Russell's theoretical disquisitions might dissuade first-timers in disability studies; yet, they are worth the effort for graduate students, body-theory practitioners, and political scientists. That said, her terms are not always crystal clear. In her introduction, Russell justifies her selection of case studies as follows: "Each text under examination stages an encounter between a disabled individual and the body politic and explores a series of narrative strategies for making sense of this destabilizing moment of contact" (20). Although she makes a compelling case for the body politic as a fluid, evasive entity, she also tends to take it for granted in key nodal passages like this one. After all, what does Russell mean here by an "encounter with the body politic"? Is this an encounter with the metaphor of the body politic—let's say a visit to the Statue of Liberty—or does the phrase invoke the negotiations of identity that unfold between the individual and the state? Even though Russell understands the dangers of invoking the body politic too lightly—she has a section titled "The Trouble with Metaphor"—this indistinct use crops up throughout the volume, obscuring the distinction between "the material and the metaphoric" (9). Unfortunately, such distinction proves crucial in order to unravel the dramatic effects that metaphoric bodies have on the lives of actual bodies.

But, all in all, Russell puts us to task in ways that will increase interdisciplinary attention to disability. Reading Embodied Citizenship cautions scholars against approaching the intersection of disability and citizenship only from the angle of legislative debates and civil-rights struggles. The history of disability's narrative representation also yields some generous fruits, like exposing U.S. audiences' persistent yearning to invest the body with unequivocal truths. In Russell's pages, audiences gaze at the incomplete, deformed, or prosthetic individual seeking truths about the nature and extent of their larger political communities. If we take into account that language is an ideological construction not exempt from bias, the representation of disability would always prove a misrepresentation; however, Russell shows that disabled and non-disabled authors alike can manipulate language in order to unsettle the conventional legibility of disabled bodies. In result, "embodied citizens" take advantage of their centrality in the national imaginary and unmask a U.S. body politic often idealized as unalterable and omnipotent, like the national agenda it was meant to materialize in the first place.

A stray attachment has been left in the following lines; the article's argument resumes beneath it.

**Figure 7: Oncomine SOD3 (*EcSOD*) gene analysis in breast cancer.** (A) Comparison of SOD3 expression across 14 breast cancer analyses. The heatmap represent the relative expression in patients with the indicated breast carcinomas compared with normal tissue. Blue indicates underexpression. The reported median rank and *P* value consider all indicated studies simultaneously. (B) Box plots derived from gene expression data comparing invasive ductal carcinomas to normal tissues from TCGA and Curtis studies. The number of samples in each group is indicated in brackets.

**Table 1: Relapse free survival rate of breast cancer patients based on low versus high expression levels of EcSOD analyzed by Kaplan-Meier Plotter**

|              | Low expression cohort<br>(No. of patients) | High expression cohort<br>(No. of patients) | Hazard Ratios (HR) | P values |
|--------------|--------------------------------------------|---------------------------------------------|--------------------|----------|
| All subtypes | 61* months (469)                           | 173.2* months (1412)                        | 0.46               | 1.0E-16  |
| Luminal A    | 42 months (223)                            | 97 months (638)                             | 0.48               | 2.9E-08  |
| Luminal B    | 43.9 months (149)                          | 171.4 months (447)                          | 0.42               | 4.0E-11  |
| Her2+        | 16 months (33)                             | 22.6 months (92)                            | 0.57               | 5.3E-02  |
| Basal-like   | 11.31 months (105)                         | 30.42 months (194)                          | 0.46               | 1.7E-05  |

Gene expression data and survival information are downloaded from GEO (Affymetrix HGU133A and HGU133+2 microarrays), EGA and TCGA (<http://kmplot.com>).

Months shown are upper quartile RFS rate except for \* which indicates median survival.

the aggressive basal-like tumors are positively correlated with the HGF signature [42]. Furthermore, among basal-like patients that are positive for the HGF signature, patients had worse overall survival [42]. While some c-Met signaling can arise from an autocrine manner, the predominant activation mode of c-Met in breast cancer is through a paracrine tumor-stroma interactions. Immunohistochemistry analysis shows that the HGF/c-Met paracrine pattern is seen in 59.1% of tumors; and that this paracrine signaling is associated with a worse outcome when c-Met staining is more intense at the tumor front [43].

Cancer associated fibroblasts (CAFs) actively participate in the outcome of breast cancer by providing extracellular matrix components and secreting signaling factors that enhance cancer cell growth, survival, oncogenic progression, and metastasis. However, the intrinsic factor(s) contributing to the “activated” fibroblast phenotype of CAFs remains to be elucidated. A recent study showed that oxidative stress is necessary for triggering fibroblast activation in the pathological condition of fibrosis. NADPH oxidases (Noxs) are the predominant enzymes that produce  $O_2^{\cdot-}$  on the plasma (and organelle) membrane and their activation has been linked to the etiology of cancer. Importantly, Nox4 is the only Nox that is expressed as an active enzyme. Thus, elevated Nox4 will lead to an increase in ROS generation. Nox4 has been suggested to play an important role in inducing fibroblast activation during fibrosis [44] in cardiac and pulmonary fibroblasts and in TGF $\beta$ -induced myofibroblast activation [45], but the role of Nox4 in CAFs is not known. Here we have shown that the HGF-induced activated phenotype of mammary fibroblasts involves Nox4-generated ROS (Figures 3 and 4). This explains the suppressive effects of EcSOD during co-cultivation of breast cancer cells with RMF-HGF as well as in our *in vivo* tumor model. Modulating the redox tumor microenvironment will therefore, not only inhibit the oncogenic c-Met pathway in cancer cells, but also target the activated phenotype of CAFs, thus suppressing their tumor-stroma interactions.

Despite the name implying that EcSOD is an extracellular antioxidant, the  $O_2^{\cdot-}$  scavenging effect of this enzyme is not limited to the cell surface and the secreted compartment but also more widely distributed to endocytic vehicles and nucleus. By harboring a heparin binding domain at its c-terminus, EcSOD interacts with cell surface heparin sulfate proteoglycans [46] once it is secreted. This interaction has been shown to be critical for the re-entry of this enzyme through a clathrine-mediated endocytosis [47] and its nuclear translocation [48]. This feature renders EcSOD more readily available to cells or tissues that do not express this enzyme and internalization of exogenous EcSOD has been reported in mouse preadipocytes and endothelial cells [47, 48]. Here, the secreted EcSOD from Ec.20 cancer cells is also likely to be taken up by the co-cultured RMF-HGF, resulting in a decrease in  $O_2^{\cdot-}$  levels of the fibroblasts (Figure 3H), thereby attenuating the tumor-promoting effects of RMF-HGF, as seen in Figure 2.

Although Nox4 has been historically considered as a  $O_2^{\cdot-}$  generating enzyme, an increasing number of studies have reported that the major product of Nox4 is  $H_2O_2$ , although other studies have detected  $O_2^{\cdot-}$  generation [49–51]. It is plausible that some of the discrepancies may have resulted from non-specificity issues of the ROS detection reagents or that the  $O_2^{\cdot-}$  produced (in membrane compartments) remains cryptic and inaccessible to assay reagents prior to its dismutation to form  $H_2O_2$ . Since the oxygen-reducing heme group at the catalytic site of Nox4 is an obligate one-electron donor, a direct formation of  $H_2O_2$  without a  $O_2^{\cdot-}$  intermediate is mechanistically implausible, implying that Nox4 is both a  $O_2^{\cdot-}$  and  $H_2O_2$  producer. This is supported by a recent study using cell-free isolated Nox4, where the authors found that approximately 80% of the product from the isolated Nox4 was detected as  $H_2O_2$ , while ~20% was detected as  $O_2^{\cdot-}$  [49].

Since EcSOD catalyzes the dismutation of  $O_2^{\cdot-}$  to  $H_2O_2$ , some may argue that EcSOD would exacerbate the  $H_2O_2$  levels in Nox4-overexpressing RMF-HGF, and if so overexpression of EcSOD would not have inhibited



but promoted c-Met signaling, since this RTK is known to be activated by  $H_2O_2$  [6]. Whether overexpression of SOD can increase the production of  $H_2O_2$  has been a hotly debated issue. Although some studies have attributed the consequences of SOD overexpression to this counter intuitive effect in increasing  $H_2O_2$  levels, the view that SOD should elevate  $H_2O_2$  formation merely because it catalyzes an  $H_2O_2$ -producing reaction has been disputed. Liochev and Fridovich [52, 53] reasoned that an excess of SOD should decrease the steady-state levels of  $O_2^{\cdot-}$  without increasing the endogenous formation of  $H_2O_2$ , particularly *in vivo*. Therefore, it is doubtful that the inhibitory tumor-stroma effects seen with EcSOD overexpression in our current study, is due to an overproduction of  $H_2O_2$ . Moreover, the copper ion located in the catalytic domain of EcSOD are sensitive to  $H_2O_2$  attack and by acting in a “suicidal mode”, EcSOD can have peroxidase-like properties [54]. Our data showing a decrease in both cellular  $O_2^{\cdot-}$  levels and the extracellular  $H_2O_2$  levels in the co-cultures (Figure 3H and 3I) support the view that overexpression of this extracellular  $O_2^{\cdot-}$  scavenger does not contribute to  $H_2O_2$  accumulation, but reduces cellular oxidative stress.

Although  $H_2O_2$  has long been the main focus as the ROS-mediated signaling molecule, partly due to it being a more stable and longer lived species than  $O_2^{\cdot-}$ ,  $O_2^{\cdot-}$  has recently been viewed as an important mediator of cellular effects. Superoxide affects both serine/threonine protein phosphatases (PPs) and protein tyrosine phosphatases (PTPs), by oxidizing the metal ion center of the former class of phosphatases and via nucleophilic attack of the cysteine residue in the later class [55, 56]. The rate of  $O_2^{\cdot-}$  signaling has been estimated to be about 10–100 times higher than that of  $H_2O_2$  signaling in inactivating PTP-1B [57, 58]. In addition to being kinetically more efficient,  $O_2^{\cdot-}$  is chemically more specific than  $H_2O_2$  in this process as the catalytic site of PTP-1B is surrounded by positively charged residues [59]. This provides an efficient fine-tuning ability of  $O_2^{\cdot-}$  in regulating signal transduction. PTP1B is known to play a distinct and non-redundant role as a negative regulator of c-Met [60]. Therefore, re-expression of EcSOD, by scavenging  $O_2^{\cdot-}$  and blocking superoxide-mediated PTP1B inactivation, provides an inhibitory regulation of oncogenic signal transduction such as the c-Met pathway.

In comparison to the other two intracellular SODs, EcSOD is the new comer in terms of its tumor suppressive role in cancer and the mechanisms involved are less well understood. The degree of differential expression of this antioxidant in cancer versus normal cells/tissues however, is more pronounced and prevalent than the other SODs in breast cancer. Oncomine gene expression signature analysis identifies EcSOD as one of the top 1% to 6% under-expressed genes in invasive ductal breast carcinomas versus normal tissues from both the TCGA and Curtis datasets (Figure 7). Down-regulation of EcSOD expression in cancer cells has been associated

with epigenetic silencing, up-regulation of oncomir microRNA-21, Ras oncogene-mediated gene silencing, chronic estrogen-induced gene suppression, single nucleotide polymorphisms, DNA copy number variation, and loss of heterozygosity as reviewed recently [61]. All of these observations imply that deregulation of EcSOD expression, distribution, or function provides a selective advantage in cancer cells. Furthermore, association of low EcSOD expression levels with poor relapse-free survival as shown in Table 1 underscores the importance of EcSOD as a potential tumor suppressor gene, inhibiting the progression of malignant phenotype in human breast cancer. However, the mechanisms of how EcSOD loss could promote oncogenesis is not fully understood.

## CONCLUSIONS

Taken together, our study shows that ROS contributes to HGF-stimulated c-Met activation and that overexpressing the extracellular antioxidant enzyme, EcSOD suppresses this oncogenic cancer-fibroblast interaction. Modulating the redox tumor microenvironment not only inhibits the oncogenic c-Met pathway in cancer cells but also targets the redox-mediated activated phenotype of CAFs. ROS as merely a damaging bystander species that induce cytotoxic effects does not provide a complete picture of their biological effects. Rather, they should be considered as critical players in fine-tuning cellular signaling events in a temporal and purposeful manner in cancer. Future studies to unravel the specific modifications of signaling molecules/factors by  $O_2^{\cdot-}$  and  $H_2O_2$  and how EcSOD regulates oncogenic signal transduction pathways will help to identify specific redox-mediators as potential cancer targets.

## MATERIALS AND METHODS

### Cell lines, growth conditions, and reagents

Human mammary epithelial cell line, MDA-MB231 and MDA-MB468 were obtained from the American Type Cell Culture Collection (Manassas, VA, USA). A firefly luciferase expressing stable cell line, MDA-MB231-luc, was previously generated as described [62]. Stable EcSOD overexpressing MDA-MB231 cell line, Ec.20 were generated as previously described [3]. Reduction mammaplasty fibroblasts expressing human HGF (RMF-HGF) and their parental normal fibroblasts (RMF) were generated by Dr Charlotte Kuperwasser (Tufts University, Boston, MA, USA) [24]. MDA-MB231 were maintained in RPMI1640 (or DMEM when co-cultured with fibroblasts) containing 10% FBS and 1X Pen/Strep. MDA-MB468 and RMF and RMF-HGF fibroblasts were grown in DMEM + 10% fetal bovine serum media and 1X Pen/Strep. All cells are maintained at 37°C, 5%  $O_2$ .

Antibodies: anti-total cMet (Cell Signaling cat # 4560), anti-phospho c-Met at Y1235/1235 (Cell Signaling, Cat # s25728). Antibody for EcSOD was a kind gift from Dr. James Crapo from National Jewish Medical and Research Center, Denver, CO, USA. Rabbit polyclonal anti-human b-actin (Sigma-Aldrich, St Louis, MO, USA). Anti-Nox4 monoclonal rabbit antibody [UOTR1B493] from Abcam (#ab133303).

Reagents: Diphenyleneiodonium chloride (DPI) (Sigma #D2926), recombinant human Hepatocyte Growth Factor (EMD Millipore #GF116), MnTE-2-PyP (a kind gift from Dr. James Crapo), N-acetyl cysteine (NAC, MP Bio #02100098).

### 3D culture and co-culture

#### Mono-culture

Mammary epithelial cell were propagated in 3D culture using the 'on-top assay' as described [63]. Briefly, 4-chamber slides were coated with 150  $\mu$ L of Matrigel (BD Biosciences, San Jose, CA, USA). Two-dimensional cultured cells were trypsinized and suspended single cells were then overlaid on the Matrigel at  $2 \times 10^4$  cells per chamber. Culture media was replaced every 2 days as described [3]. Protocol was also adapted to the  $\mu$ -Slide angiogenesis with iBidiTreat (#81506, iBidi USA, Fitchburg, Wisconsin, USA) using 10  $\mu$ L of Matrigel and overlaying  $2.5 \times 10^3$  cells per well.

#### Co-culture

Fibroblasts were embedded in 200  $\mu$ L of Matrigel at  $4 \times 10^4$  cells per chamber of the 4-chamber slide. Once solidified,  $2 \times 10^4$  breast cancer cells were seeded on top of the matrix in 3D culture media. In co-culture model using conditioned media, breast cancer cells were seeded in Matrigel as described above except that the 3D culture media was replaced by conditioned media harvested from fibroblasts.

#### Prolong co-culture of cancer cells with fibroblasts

In Who Sings the Nation-State?, Judith Butler wonders, "what does it mean to be at once contained and dispossessed by the state?" (5). Whereas the road from this query leads to "states of exception" such as Gaza or Guantanamo, Russell argues that this path of inquiry also directs to the plea of the "embodied citizen." "Contained" as symbols and "dispossessed" as volitional subjects, "embodied citizens" deserve closer attention from political theorists. Conversely, Russell encourages disability-studies scholars to investigate the crisscrosses between U.S. nationalism, imperialism, and racism, on the one hand, and the social construction of disability, on the other.

Works Cited

  • Butler, Judith and Gayatri Chakravorty Spivak. Who Sings the Nation-State? Language, Politics, Belonging. London, New York, Calcutta: Seagull, 2007.
  • Siebers, Tobin. Disability Theory. Ann Arbor: University of Michigan Press, 2008.
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Copyright (c) 2012 Manuel Herrero-Puertas